Dialects of English

24 01 2012

It has been famously observed that the British and the Americans are two nations “divided by a common language”, a phrase variously attributed to George Bernard Shaw, Winston Churchill, Oscar Wilde and others. The point of the phrase is to highlight  the differences between the two major  dialects.or regional varieties of English, namely British English (BE) and American English (AE), which tourists in both countries have amply noted. Of course, the vast bulk of the two dialects are shared, meaning that the two peoples are mutually intelligible. Mostly. As an Australian on a road trip through Florida, with an accent the locals were prone to hear as British, I coped with the “problem” of mutual comprehension by speaking as loudly and clearly and “toothily” as I could. This seemed to do the trick, at the time.

Recently I was alerted to an article on this topic. It’s called: “The 20 Biggest Differences Between British and American English” and can be found at http://www.onlinecollegecourses.com/2012/01/23/the-20-biggest-differences-between-british-and-american-english/, which is a website for online college courses in USA.

Below I have copy-and-pasted the first 10 items highlighted in the article. If you hunger for more, follow the link.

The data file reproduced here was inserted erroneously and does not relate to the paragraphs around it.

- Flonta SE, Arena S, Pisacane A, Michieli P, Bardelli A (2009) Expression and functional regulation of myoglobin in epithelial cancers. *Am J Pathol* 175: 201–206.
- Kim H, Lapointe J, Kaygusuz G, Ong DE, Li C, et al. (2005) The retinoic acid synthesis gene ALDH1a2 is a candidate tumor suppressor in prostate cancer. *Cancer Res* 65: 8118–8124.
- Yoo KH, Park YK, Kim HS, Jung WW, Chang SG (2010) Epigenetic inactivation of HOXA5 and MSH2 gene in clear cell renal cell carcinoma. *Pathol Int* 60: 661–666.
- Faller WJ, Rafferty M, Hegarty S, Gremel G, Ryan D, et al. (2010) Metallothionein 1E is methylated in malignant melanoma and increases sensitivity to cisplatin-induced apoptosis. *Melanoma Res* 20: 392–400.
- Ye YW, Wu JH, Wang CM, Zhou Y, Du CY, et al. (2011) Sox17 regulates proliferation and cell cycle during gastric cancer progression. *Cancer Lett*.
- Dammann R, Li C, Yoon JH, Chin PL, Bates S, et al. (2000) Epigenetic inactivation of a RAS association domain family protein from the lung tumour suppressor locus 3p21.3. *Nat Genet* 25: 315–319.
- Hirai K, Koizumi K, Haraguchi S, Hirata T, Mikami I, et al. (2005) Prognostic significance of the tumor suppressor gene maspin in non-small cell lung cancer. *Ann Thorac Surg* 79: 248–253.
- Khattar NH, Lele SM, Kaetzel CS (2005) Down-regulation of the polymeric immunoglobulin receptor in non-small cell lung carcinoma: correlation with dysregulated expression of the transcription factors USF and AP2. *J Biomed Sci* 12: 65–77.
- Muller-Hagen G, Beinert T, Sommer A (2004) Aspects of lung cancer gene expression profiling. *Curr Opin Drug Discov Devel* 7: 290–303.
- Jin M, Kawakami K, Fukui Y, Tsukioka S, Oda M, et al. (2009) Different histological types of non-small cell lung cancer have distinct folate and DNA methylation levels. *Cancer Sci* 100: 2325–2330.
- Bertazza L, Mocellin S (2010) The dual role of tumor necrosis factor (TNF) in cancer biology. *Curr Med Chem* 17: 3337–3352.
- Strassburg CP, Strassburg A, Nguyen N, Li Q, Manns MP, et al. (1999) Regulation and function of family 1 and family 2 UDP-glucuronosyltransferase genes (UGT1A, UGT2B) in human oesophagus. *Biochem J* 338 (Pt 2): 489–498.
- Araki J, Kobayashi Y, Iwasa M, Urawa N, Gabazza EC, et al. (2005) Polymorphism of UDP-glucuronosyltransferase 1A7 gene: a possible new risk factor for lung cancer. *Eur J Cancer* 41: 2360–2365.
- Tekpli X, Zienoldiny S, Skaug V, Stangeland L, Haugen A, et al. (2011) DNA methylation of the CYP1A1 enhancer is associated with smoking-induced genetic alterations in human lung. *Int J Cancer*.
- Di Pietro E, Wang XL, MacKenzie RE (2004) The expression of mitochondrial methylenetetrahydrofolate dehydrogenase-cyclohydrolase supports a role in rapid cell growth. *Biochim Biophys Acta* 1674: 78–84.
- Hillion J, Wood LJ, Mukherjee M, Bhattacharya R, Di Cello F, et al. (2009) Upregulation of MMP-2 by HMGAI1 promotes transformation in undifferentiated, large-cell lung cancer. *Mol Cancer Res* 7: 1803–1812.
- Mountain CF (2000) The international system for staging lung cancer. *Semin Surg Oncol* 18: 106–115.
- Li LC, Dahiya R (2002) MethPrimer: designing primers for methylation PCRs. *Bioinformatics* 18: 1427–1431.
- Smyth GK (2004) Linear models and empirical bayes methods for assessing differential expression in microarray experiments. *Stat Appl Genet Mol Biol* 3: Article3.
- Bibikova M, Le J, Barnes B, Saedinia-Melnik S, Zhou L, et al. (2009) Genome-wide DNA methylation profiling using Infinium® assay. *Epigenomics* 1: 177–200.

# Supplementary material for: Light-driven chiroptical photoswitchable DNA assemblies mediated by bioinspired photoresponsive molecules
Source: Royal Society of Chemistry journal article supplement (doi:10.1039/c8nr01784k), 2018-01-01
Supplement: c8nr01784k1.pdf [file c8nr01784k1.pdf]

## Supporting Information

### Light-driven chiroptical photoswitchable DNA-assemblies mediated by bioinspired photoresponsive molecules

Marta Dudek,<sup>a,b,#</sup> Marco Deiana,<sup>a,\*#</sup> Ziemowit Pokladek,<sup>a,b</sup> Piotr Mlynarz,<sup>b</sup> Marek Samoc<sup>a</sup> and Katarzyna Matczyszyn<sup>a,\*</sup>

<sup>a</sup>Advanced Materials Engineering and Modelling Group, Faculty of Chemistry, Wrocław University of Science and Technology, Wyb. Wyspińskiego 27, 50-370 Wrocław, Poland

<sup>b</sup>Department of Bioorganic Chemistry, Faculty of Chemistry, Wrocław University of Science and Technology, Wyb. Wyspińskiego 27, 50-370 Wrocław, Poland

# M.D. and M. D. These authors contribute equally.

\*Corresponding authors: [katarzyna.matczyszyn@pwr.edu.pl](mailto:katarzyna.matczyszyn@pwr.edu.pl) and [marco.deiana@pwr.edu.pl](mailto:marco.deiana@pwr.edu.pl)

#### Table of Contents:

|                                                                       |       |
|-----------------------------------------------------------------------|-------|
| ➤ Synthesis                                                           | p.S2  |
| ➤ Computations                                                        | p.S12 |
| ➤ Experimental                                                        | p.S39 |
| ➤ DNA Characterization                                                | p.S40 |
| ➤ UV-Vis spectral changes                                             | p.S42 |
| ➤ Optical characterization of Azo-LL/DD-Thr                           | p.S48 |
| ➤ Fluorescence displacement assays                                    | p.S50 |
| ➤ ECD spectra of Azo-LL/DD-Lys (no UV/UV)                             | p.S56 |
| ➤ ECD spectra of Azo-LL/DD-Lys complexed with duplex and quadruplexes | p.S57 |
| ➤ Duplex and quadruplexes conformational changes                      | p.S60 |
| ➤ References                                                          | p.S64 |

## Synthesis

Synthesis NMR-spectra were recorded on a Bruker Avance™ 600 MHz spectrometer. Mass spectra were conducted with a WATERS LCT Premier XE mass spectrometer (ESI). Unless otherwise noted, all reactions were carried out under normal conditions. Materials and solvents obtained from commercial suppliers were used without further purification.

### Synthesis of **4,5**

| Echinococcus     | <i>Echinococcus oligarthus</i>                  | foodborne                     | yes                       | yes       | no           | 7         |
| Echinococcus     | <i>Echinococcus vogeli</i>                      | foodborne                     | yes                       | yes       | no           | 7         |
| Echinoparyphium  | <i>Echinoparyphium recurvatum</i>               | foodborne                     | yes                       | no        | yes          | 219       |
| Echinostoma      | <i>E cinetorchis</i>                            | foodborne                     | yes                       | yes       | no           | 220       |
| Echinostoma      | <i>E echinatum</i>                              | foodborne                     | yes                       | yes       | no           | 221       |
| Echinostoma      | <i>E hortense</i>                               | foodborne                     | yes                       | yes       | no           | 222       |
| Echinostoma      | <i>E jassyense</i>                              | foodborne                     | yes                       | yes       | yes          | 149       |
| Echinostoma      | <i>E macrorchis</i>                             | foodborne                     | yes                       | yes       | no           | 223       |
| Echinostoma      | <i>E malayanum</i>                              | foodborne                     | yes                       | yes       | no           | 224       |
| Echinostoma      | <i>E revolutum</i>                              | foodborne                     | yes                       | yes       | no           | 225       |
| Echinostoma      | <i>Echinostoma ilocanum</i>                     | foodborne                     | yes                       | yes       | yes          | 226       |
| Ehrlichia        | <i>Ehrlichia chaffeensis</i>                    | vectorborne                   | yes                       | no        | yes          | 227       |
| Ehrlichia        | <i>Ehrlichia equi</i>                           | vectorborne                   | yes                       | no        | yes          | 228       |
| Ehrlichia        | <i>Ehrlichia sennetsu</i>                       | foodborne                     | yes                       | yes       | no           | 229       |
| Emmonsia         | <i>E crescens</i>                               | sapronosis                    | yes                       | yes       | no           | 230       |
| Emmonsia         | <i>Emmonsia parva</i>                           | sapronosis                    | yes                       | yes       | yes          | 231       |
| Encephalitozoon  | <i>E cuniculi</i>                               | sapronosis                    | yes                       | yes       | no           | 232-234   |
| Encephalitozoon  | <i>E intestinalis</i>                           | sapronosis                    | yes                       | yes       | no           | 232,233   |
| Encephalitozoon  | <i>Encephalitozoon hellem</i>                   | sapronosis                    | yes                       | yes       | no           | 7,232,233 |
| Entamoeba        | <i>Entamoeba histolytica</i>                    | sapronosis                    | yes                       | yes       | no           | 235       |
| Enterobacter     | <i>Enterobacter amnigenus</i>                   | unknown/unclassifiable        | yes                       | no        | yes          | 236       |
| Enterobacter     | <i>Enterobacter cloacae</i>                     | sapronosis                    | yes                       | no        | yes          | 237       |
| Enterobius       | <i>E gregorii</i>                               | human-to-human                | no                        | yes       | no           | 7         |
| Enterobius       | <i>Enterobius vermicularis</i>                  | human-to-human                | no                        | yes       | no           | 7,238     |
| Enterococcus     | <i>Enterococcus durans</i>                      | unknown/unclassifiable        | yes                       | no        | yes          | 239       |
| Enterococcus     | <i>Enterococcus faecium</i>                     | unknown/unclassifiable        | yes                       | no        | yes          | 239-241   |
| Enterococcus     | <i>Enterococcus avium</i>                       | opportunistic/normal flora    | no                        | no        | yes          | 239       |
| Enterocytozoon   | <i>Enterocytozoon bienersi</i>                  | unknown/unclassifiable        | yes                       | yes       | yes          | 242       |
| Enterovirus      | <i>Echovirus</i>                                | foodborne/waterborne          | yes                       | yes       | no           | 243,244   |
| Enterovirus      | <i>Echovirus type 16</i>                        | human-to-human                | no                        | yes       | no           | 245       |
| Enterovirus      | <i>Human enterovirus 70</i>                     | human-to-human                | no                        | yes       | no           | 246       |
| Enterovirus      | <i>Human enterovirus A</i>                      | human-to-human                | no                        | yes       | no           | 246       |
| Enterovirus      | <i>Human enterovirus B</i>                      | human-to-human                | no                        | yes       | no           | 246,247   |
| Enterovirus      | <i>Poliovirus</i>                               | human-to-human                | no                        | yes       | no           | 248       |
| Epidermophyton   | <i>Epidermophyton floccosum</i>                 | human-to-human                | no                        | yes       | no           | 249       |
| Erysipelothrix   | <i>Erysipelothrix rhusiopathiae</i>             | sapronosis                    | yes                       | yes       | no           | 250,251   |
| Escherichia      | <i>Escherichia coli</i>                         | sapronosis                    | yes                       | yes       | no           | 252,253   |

1. That whole “u” thing

    Reading “color” versus “colour” might clue one in to whether or not the literature in question hails from the United States or one of the Commonwealth nations. The latter favors the original “u” in words like the aforementioned and “neighbour” and “flavour” and the like.

  2. Oxford comma

    One of the most blood-boilingly controversial grammatical phenomena in the English language, the Oxford (or serial, or Harvard) comma — which separates listings of three or more (in “John, Paul, George, and Ringo,” for example, it nestles itself behind Harrison) — rarely pops up in British English. American English, save for journalistic works, loves it.

  3. Punctuation’s relation to quotation marks

    When it comes to quotes, Americans usually place their punctuation marks inside before moving on to the next sentence. The exact opposite holds true for British English speakers and writers, as they prefer leaving them on the outside.

  4. Verb forms for collective nouns

    Collective nouns understandably baffle English speakers on all sides of all ponds, but there’s really just one general rule to keep in mind. While in (or writing for) Commonwealth nations, collective nouns — which include nation names — pair up with plural verbs. In the United States, use a singular conjugation.

  5. Periods after titles

    American English majors swoon over Mr. Darcy. British English majors swoon over Mr Darcy. Non-English majors have taste.

  6. Placement of the day in dates

    See, British people write out their dates like this: “13 January 2012,” “13/01/12,” or “13.01.12.” While American people write out their dates like this: “January 13, 2012,” “01/13/12,” or “01.13.12.” WACKY!

  7. -ize vs -ise

    Words that typically end in –ize in the United States and Canada are frequently rendered with –ise in every other English-speaking nation. However, because language wouldn’t be language without numerous exceptions, sometimes the non-Canadian British English speakers rock that -ize as well.

  8. Quotation marks